At some point, I found that I was aspiring to live like a Chinese peasant - in a modest home with limited modern amenities and some pretty high-tech gadgets.

When the reality of that aspiration hit me, I laughed again, out loud, and my daughters stopped their banter and looked at me.

Smiling, I just glanced over, and shook my head.

"Nothing," I said. "Life is just good. That's all."


  1. I love it! I enjoy the modern conveniences we have, with the knowledge that they may not be around forever. I take the opportunity every so often to do without them, and (like you) I find that I am fine without them for the most part. My philosophy right now is to enjoy what we have, with continued practice doing things without those conveniences.

    Our focus is different than "Average Americans" (tm), in that we are not materialistically motivated. We take time to appreciate the simple things, and to enjoy life for what it is. It's fun to have the internet(for example), but I would survive if it disappeared.

  2. Wendy, that seems like a very sensible way to live, to me. If we all lived that simply, we could probably all have the internet, and not strain the world's resources. It's just deciding what's important. Clearly those Chinese peasants decided that keeping in touch with family and friends, and the world, was more important than say, buying a refrigerator or TV or other consumer items. I think it is a rather nice commentary on our humanity that we actually value the technology that keeps us communicating with each other above all else..

  3. @ Jo - I agree. If we all lived more simply, I think there would be plenty for everyone, and it is definitely a matter of deciding one's priorities. Things like clothesdryers and televisions are not important to me, which is why I don't have them, but I do like my blog and being able to have conversations like this one ; ).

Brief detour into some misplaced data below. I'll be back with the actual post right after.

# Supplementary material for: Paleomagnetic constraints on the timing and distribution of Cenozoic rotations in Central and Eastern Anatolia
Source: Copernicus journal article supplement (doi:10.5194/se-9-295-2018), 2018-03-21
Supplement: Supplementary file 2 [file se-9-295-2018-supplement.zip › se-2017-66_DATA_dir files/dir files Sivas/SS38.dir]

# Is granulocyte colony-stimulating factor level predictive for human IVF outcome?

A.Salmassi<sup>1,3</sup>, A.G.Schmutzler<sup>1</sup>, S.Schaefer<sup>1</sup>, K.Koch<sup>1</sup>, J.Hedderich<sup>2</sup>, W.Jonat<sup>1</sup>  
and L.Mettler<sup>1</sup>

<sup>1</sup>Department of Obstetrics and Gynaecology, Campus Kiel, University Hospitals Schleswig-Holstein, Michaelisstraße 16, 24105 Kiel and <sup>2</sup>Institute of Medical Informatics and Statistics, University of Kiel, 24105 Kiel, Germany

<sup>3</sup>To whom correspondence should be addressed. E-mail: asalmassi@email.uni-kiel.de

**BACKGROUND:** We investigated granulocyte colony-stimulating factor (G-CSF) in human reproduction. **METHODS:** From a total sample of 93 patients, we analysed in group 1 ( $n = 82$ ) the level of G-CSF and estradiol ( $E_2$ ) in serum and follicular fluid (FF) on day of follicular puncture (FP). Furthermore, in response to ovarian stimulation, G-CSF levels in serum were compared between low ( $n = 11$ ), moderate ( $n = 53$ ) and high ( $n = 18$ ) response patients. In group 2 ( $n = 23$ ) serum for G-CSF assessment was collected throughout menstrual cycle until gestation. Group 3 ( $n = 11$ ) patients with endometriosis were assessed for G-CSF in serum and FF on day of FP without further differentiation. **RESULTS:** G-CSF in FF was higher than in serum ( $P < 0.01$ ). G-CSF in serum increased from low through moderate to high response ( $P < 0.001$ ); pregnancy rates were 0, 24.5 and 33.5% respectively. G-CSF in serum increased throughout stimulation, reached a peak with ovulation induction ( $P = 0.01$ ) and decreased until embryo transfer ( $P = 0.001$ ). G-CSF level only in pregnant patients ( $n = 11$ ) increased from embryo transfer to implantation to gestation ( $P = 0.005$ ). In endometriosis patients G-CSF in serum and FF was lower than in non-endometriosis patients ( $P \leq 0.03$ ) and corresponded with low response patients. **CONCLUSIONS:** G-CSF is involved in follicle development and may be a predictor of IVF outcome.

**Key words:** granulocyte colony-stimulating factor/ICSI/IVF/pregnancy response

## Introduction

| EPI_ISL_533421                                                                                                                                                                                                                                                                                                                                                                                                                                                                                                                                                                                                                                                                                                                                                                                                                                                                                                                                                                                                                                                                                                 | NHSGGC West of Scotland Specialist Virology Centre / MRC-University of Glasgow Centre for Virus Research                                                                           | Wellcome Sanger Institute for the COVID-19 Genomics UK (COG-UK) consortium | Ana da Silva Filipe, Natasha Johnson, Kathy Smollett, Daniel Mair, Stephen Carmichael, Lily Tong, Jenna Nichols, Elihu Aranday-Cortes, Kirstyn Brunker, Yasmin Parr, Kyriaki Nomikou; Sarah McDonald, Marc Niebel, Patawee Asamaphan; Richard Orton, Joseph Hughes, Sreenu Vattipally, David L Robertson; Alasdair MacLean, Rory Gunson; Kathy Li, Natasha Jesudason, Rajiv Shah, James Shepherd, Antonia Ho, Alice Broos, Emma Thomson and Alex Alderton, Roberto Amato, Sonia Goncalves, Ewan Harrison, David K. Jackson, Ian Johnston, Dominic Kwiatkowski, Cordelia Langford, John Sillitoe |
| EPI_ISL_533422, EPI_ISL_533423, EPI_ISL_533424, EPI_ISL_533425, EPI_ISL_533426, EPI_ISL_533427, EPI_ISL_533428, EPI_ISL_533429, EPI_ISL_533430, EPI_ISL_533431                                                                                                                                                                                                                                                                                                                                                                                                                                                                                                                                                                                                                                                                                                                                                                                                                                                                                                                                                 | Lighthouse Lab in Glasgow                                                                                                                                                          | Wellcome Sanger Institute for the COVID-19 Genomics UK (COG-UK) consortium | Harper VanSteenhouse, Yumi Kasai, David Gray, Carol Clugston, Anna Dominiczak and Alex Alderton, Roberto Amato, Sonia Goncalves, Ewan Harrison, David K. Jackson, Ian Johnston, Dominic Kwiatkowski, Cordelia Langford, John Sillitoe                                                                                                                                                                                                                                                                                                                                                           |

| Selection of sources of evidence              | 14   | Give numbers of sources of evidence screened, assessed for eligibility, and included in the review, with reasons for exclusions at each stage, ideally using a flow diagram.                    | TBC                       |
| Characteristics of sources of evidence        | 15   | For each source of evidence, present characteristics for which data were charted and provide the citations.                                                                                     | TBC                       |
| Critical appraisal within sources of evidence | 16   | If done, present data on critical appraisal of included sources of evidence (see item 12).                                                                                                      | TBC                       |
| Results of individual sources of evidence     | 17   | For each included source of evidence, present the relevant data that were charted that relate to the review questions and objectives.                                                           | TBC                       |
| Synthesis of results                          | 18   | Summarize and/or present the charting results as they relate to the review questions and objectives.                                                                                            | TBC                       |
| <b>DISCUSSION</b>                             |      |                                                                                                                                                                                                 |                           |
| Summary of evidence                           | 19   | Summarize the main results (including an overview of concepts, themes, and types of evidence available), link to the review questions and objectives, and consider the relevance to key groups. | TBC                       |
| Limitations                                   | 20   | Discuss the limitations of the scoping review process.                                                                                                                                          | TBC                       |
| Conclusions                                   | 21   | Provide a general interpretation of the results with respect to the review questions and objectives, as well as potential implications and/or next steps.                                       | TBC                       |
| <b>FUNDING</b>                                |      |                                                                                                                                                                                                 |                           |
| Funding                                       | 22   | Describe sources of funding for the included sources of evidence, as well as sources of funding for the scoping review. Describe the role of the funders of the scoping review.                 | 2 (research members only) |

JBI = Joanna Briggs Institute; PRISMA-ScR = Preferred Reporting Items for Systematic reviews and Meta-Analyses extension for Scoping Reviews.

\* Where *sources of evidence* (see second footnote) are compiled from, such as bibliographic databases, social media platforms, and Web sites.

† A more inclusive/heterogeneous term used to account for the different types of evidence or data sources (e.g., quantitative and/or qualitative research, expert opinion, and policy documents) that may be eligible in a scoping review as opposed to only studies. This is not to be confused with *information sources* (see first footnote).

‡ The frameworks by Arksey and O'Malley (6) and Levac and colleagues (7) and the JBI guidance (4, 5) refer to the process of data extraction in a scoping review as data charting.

4. Well, there's modest and then there's poverty. I'm not sure that life as a Chinese peasant is all sunshine and smelling hay. I bet many/ most of them work long, back-breaking hours for very little and that sometimes they don't get enough to eat. And no indoor plumbing during winter? That doesn't sound fun. I'd aim for something in the middle of consumerist and poverty.

  5. @ min hus - Poverty is a money-centric condition. Just think of how little money you would need if you didn’t have to pay for every single thing you use. That was actually my point. The Chinese peasant who was featured in the story I cited was able to provide for all of his “needs.” He had a house and a garden, and anything more was just gravy.

    Not having indoor plumbing during the winter, where I live, would be unpleasant, but people survived for hundreds of centuries without any of the luxuries we have, and contrary to our popular beliefs many of them never felt deprived or “impoverished.” It’s that mindset – the knowing that what I need I can provide – that I’m hoping to capture. It may be the middle ground you speak of.

  6. I should add that I'm not romanticizing poverty or aspiring to some wretched state of being half-starved and freezing, but what I am working toward is a lifestyle in which I am not dependent on money to meet my basic needs.